Tangled in legal disputes the last few years, members of the former Phi Delta Theta fraternity now have no choice but to stand by as their house becomes university property.
At Friday's Penn State Board of Trustees meeting, the board approved the purchase of the 240 N. Burrowes Road property for $1.75 million. This sale officially ends all unresolved lawsuits between the two parties, fraternity attorney Bernie Cantorna said -- including a dispute about unpaid bills in 2009.
After the fraternity's charter was suspended in 2007 due to drinking violations, Phi Delta Theta reemerged as the unrecognized Phi Society and ultimately became a colony of Tau Delta Phi in April 2009.
University officials had been in discussions with representatives from the Phi Delta Theta Alumni Corporation about seizing the property deed, and there will be an official settlement sometime in May, said Sandy Deveney, a Phi Delta Theta alumnus.
The university has not announced what will happen to the land, but current residents of the 1,650 square-foot property can stay until their lease runs out in the summer, Penn State spokeswoman Jill Shockey said.
Fraternity members who currently live in the house said though Penn State's purchase was inevitable, it is difficult to accept that they will no longer be able to enjoy the home where so many memories have been made.
"It's a very, very sad thing for a 104-year-old house to just disappear like that," said Kevin Haslam (senior-sports broadcast journalism), former president of Tau Delta Phi and a current house resident. "As far as I'm concerned, this property no longer exists. It pains me to know it won't be here when I come back [as an alumnus]."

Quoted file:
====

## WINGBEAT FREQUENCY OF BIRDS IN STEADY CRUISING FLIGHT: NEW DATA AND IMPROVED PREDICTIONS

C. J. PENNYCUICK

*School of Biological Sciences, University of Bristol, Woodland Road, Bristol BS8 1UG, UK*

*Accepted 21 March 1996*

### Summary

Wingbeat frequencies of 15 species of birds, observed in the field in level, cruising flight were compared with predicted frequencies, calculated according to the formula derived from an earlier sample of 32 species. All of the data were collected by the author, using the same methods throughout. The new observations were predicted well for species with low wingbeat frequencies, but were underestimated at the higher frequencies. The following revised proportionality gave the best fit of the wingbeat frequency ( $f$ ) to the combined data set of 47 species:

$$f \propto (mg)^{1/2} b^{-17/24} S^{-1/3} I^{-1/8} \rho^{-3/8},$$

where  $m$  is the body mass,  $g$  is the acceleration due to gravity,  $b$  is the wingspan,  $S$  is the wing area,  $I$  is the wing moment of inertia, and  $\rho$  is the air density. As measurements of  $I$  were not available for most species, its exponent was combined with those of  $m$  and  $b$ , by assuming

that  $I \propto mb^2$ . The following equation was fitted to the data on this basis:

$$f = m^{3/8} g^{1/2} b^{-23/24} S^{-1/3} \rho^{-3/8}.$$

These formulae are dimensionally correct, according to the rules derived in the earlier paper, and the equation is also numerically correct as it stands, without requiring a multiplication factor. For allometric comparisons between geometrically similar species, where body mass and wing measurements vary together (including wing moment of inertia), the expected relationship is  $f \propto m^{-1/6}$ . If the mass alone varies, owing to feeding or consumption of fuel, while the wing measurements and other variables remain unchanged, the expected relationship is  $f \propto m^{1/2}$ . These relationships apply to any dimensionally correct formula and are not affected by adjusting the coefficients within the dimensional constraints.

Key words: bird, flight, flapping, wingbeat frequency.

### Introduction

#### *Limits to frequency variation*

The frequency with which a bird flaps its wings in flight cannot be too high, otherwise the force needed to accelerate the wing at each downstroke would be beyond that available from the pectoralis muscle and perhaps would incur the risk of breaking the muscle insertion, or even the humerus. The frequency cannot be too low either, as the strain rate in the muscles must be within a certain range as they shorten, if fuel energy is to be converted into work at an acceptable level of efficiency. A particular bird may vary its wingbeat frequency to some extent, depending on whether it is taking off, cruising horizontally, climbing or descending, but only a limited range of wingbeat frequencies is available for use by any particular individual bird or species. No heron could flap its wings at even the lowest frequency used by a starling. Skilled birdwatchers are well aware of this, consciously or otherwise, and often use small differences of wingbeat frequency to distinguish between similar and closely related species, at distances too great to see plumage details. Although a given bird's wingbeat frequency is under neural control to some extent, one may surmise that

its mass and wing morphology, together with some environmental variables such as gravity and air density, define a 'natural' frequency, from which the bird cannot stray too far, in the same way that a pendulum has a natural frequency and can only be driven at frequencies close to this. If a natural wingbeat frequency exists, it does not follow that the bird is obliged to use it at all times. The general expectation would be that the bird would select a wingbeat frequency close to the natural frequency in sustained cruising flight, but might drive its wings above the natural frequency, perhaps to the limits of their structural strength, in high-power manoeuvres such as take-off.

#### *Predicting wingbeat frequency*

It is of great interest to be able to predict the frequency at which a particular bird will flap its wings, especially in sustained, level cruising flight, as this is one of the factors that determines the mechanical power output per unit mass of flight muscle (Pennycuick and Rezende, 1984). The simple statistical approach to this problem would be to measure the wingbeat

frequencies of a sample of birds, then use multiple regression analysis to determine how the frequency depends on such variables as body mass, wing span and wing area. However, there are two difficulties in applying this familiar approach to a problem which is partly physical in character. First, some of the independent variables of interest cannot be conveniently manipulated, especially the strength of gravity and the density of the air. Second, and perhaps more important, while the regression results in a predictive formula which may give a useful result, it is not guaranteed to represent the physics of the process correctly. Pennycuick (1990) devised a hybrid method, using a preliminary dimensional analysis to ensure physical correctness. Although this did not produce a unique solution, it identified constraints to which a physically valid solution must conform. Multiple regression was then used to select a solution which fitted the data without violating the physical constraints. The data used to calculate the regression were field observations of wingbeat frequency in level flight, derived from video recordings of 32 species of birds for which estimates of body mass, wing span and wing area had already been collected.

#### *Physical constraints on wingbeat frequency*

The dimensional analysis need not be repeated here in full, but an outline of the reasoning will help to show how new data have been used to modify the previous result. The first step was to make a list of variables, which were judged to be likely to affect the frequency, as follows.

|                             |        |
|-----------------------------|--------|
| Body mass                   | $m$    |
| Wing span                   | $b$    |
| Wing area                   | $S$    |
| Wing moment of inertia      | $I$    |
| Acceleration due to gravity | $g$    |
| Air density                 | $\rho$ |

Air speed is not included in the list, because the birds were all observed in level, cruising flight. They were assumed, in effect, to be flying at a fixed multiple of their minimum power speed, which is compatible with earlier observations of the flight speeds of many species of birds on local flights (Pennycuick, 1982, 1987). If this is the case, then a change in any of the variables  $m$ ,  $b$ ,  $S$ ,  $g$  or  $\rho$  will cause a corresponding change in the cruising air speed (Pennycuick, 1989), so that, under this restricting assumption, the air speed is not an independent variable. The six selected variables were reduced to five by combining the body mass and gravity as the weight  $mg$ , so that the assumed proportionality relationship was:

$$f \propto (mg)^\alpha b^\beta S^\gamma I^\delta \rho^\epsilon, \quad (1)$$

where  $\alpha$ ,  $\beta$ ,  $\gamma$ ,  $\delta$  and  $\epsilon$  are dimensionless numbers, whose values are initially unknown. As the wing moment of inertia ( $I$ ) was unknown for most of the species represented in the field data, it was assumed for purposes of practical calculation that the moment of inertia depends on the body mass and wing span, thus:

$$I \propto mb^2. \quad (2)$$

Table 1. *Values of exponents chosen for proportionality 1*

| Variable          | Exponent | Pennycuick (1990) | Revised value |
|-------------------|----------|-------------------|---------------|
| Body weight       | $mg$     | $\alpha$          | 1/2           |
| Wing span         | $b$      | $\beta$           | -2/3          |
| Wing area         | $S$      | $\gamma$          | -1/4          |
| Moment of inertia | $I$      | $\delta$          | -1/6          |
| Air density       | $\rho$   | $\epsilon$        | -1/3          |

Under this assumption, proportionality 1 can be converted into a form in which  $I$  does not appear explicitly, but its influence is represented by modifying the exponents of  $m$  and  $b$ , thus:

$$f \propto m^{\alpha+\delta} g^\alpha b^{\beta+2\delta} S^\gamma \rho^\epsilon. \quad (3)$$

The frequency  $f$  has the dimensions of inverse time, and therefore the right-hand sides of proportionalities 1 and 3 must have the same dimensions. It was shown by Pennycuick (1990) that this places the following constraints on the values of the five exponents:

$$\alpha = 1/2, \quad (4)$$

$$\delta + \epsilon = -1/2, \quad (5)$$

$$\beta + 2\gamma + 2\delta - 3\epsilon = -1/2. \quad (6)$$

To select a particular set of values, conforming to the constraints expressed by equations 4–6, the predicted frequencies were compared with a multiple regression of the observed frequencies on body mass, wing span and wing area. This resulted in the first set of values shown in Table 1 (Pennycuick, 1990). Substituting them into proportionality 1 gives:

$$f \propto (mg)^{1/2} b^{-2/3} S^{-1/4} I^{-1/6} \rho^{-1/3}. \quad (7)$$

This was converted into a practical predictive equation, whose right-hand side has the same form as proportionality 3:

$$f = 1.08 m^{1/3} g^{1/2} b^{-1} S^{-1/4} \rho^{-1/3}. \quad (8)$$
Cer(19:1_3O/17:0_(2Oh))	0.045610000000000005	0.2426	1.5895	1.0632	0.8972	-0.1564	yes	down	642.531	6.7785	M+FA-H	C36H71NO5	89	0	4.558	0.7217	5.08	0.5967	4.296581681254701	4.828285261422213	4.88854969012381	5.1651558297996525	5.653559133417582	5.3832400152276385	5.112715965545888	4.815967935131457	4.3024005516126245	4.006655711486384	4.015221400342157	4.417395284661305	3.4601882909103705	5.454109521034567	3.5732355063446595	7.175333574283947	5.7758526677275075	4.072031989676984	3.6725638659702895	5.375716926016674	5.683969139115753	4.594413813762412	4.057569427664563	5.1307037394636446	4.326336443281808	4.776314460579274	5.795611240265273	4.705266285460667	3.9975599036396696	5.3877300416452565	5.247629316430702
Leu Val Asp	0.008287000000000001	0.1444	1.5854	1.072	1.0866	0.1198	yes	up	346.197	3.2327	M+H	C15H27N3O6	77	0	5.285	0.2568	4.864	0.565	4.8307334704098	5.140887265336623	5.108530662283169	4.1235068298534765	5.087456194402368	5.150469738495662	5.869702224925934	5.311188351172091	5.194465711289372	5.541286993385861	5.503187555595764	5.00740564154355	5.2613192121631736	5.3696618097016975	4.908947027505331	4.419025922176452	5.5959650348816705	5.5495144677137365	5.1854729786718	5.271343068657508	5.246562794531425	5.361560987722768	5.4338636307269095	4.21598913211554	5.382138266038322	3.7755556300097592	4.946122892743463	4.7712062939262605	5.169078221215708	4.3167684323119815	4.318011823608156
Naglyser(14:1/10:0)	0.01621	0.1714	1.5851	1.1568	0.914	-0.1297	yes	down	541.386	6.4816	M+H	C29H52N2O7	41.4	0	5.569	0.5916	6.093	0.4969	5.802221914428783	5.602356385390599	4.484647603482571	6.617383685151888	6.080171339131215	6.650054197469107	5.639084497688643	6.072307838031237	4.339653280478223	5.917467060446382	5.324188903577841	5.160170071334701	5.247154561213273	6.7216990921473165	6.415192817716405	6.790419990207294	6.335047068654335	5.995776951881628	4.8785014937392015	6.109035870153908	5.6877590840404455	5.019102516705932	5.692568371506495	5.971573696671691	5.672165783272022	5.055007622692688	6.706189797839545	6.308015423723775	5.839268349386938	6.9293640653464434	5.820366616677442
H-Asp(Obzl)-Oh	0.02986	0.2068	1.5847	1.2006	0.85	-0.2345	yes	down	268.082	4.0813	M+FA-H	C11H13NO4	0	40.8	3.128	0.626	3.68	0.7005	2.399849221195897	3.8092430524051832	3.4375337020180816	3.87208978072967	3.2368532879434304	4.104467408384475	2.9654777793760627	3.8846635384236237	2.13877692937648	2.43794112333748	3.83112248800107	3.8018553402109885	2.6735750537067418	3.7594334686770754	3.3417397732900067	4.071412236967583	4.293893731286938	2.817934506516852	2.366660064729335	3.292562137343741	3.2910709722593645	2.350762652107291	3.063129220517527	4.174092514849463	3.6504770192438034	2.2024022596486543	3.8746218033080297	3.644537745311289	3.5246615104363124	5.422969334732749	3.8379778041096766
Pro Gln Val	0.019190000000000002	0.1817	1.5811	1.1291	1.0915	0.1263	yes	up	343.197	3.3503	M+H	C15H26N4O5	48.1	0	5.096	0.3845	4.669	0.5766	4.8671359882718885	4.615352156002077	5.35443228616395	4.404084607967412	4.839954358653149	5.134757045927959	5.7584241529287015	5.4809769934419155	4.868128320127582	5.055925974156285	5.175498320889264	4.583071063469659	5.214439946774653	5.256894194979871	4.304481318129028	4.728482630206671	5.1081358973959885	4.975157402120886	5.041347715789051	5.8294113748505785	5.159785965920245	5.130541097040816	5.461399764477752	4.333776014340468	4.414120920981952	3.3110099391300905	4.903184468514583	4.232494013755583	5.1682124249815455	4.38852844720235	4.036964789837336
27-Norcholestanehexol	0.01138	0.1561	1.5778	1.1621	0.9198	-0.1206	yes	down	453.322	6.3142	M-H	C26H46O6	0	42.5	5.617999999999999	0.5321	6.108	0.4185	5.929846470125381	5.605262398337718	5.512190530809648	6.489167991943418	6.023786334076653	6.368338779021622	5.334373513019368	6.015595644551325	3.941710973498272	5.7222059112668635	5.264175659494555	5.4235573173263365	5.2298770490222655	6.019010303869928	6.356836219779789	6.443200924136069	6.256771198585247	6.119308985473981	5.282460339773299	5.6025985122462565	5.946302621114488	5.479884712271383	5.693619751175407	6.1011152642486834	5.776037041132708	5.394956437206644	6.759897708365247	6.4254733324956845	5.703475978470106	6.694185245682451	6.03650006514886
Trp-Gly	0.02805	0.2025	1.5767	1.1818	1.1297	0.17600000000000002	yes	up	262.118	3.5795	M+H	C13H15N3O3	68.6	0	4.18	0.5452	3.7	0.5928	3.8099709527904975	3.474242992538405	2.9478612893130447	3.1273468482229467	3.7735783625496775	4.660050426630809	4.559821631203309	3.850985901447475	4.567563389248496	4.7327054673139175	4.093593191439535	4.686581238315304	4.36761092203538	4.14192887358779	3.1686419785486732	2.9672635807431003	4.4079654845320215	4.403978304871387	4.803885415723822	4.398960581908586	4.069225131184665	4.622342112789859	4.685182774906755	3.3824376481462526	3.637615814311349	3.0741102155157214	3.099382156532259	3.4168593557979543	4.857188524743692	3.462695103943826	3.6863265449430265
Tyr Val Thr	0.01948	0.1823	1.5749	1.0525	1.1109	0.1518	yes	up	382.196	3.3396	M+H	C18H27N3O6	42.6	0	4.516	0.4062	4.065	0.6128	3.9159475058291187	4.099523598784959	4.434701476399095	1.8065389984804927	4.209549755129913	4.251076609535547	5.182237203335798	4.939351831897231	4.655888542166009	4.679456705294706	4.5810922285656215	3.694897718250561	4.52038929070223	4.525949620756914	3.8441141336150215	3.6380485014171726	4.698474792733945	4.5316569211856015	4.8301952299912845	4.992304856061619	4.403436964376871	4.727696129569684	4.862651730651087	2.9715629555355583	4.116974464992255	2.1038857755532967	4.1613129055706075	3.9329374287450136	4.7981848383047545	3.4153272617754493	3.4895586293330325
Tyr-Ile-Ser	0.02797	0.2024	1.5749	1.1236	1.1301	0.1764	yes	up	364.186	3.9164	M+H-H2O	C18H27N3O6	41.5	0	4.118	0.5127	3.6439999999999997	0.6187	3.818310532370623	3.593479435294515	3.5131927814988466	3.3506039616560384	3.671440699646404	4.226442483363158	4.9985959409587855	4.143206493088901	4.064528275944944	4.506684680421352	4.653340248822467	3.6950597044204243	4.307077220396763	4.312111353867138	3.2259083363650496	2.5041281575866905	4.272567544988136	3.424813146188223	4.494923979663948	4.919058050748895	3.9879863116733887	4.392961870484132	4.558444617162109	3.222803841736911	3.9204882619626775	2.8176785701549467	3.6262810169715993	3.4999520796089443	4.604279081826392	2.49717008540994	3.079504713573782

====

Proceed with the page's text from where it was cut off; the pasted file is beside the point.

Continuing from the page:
Despite uncertainty about the university's plans for the property, there has been some talk regarding future uses.
Penn State spokesman Bill Mahon said there was discussion years ago of turning it into a park. Former Tau Delta Phi President Ryan Lang said he heard a rumor that it will be turned into a parking lot.
"We've made so many memories, so many friends in that house," Lang (senior-political science) said. "Even as alumni coming back with our children, I'll say, 'That was my fraternity house. Now it's a parking lot.' "
Though they have not yet secured a location for a new fraternity house, members are looking.
"Our nationals are working hard with us," Lang said. "If we don't get one next year, we'll get one in the future. We're a strong brotherhood. We'll be fine."